[seqfan] Re: Second signature: Two language questions

Charles Greathouse charles.greathouse at case.edu
Mon Jun 11 18:45:23 CEST 2012

> a. Prime, secondary, tertiary...k-ary signature
> b.  Prime, second, third...k-th signature

I'm generally uneasy with using this kind of novel term to name a
sequence.  We can't expect that someone will know what a secondary (or
second) signature is -- it's enough to ask people to know what a prime
signature is!  I much prefer definitions which can be understood
without specialized vocabulary when possible.

As to the particular choice of phrasing, without respect to naming
sequences, I don't know that it conveys the right sense.  It's not
that the "secondary signature" looks at "secondary" objects like the
prime signature looks at primes, but that it excludes exponents < 2.
(If it looked at, say, prime squares then it couldn't distinguish 9
from 27 -- 9 appears only to the first power, right?)  So perhaps it
should be along the lines of "2-truncated prime signature".

> 2. This is a more general OEIS usage question.  How OK is it to call the smallest or least integers of a given property the *first* integers with that property?

Probably fine.  I'm not sure that I see the distinction -- they're
first with respect to <, not the first by date or the first in
alphabetical order.  I think the choice between the two is mostly
stylistic.  I tend to use "Least n such that ...", personally.

Charles Greathouse
Case Western Reserve University

On Mon, Jun 11, 2012 at 12:18 PM, Matthew Vandermast
<ghodges14 at comcast.net> wrote:
> Before I start submitting these sequences...
> 1. I meant to ask this earlier, but: What do people (especially Neil) think is the better series of names for the ordered list (and/or multiset) of the exponents  >k in the prime factorization of n?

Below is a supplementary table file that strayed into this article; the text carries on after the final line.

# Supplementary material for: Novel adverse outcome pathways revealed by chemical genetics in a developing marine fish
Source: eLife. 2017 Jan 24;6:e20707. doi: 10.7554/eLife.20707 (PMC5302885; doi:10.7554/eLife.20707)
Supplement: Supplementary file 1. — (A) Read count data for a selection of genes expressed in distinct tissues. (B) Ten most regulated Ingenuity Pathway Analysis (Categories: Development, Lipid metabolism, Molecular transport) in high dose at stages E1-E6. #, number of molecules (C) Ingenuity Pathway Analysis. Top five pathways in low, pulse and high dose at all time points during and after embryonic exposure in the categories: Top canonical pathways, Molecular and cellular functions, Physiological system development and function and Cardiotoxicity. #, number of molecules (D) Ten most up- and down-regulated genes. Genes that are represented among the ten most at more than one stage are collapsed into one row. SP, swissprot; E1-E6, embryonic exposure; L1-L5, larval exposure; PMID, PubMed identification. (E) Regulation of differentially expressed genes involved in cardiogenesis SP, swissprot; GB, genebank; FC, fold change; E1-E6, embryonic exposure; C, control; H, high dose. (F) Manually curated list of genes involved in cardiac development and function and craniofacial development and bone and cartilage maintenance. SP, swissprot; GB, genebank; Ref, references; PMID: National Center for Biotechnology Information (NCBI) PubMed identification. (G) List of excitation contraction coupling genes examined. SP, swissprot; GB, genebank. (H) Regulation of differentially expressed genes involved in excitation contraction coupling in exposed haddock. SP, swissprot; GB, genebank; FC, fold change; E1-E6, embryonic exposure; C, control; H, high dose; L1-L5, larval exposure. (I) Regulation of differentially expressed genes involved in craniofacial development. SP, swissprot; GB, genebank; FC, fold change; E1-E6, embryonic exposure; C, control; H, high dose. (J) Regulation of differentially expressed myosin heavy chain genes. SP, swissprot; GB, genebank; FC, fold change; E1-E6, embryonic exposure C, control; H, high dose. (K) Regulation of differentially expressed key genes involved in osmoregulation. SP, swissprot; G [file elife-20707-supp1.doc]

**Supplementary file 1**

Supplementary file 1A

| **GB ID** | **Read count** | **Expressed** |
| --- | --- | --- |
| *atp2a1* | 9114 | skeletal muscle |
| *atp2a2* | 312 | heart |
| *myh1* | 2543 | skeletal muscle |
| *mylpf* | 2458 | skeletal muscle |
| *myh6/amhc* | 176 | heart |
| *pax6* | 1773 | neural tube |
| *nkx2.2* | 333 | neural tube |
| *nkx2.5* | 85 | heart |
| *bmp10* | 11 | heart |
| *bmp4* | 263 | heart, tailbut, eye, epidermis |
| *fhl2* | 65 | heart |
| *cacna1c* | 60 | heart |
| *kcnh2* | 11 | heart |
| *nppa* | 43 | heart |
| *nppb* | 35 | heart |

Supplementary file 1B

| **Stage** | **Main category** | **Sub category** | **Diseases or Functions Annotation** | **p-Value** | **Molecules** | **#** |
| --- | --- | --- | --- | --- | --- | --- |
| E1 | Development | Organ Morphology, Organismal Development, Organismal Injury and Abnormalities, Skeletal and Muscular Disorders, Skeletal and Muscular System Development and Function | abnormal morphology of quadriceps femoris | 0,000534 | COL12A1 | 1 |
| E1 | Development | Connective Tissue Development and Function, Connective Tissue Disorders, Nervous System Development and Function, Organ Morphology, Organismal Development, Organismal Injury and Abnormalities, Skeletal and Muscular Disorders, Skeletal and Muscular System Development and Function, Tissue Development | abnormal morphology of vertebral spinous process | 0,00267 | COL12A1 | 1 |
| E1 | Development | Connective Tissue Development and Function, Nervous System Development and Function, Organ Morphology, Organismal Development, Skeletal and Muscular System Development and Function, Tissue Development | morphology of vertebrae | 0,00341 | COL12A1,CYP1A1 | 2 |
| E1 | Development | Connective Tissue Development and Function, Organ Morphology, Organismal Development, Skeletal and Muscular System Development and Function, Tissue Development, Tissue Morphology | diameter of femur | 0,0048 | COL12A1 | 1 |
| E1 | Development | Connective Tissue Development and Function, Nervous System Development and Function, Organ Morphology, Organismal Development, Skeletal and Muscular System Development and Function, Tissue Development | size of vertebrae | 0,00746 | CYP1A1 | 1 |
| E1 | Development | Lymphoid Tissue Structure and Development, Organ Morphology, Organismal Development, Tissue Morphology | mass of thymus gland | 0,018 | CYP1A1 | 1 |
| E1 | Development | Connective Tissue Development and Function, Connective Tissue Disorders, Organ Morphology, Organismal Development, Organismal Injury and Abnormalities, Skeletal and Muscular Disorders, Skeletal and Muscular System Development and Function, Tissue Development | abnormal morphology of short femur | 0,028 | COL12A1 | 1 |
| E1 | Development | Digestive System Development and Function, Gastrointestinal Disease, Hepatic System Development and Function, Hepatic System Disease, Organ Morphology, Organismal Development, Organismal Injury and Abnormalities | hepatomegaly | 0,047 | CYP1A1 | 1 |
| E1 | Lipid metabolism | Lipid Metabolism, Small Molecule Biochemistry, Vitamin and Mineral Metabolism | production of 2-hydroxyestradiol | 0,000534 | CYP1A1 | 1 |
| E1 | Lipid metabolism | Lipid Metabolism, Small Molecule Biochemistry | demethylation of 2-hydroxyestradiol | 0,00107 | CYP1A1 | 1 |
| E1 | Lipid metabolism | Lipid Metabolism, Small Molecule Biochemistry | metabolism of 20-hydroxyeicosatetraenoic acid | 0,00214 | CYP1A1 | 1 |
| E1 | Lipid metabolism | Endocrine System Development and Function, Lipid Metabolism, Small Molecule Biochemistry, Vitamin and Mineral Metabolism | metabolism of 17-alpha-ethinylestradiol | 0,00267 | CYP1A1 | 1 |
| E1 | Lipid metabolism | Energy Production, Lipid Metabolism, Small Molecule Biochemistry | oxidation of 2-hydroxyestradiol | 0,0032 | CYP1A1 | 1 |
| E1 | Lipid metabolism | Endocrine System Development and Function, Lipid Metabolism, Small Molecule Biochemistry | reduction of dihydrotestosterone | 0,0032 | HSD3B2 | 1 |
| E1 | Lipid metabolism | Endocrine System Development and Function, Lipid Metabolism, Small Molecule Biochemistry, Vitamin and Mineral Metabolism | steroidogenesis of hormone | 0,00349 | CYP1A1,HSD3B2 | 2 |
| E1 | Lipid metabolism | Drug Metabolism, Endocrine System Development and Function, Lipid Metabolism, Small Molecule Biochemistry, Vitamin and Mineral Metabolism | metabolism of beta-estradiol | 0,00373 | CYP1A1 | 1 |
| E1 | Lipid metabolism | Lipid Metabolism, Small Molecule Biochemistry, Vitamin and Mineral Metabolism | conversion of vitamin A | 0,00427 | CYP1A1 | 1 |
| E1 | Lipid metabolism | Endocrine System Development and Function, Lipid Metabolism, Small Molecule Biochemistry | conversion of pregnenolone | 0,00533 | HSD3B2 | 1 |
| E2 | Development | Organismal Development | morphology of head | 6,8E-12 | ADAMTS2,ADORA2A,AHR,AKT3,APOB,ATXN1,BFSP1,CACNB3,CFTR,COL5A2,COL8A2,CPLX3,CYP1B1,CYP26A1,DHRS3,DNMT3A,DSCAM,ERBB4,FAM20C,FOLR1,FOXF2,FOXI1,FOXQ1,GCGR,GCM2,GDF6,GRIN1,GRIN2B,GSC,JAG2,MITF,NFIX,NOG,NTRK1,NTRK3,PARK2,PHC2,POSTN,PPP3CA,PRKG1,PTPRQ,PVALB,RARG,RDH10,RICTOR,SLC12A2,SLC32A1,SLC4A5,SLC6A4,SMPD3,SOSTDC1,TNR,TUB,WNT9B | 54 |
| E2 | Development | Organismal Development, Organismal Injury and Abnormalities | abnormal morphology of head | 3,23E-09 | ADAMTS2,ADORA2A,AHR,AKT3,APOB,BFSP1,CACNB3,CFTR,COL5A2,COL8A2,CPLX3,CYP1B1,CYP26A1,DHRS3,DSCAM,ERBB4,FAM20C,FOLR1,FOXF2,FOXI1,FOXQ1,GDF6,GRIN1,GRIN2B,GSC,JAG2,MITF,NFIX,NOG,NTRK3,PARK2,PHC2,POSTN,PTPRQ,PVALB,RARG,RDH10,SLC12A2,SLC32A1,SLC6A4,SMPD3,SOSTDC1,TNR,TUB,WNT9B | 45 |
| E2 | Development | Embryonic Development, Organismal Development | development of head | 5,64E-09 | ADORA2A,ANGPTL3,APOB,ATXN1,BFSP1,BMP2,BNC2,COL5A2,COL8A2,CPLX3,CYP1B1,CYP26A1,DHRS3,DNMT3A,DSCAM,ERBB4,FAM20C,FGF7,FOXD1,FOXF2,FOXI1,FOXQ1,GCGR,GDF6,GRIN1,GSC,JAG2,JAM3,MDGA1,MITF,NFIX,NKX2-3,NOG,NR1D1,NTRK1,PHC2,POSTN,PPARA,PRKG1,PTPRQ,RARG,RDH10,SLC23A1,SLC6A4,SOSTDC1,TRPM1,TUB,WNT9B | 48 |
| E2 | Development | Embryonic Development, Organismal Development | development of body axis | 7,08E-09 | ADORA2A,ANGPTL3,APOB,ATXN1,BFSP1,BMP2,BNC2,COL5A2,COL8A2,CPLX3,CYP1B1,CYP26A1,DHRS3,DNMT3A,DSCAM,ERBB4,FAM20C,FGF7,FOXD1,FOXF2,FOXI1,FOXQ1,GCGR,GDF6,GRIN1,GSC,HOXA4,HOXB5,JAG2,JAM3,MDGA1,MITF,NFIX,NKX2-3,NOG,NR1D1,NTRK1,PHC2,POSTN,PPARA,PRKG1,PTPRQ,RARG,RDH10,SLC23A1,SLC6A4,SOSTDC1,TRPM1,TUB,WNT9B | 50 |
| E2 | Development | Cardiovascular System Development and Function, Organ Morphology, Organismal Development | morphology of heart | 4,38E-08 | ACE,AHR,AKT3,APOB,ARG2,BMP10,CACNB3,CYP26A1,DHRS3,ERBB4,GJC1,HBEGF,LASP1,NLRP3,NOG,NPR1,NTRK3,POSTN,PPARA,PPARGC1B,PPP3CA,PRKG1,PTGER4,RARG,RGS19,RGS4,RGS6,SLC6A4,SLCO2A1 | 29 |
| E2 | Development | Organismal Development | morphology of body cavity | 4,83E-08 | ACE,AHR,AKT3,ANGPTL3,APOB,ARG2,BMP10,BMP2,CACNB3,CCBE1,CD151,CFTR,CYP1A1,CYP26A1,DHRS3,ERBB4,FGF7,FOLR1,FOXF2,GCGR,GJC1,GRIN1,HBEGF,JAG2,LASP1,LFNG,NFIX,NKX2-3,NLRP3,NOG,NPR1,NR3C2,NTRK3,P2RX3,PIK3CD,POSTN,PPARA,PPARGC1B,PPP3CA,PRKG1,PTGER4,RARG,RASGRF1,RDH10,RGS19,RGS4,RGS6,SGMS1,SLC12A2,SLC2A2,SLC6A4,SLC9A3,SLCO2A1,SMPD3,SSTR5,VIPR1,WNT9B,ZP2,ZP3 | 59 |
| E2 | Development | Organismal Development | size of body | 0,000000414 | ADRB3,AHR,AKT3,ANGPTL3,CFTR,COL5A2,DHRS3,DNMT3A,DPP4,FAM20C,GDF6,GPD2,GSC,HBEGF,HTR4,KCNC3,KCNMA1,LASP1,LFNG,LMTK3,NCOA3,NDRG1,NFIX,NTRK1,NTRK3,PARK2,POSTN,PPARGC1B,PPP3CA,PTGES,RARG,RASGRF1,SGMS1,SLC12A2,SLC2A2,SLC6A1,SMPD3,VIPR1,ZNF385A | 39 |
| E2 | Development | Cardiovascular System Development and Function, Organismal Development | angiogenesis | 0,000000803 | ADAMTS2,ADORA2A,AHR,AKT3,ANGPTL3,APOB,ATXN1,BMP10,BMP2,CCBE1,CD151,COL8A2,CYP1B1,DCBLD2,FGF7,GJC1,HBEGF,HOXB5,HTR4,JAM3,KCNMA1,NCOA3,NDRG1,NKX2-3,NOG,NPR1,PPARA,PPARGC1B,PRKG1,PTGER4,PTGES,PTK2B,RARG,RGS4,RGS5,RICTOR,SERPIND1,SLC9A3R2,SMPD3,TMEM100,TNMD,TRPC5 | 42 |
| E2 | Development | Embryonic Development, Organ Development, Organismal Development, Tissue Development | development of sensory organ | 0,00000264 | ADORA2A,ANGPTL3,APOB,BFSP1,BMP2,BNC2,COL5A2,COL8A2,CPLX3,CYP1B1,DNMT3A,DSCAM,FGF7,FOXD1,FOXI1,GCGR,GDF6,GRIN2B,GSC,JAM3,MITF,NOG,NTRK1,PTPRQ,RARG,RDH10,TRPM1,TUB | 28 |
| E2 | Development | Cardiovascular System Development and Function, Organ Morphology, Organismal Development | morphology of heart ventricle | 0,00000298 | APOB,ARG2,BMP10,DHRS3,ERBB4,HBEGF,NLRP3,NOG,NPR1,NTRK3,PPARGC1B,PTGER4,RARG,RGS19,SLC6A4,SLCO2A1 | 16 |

> a. Prime, secondary, tertiary...k-ary signature
> (follows "primus, secundus, tertius...")
> b.  Prime, second, third...k-th signature
> (might be an acceptable usage that also won't make anyone too queasy, and saves syllables and keystrokes)
> Among higher (or "post-prime," if you will) signatures, the second/secondary signature seems to hold at least 90% of the mathematical interest, and probably more than that.  I'm not personally interested in submitting sequences of third/tertiary signatures or anything higher.
> 2. This is a more general OEIS usage question.  How OK is it to call the smallest or least integers of a given property the *first* integers with that property?
> From sequences titled, e.g., "Sum of first n primes" or "Sum of first n cubes," I gather this is at least borderline OK, which is more than fine with me. There is a natural assumption (also implicit in the phrase "natural density") that the "natural" way to travel the number line is in the positive direction. But this is obviously subject to correction.
> Take A181800, for example.   These integers could be referenced as the "least" or "smallest" integers of each second(ary) signature.  But I don't think the interesting thing about them is their petite size compared to other members of their second(ary) signatures. I think the interesting thing is that they're the first.  (This could be spelled out by saying they're the first members of A000027 of each second(ary) signature, but if this is not necessary, it is probably not desirable.)
> Maybe Neil's answer will be roughly equivalent to: "Yes, that's borderline OK, but two or three equally significant departures from strict technical rectitude in the same sequence would be pushing it."  (I'm not sure whether what I'm asking about *is* a departure from technical rectitude.) In any case, I hope it's a question of general interest.
> Thanks,
> Matt Vandermast
> _______________________________________________
> Seqfan Mailing list - http://list.seqfan.eu/

More information about the SeqFan mailing list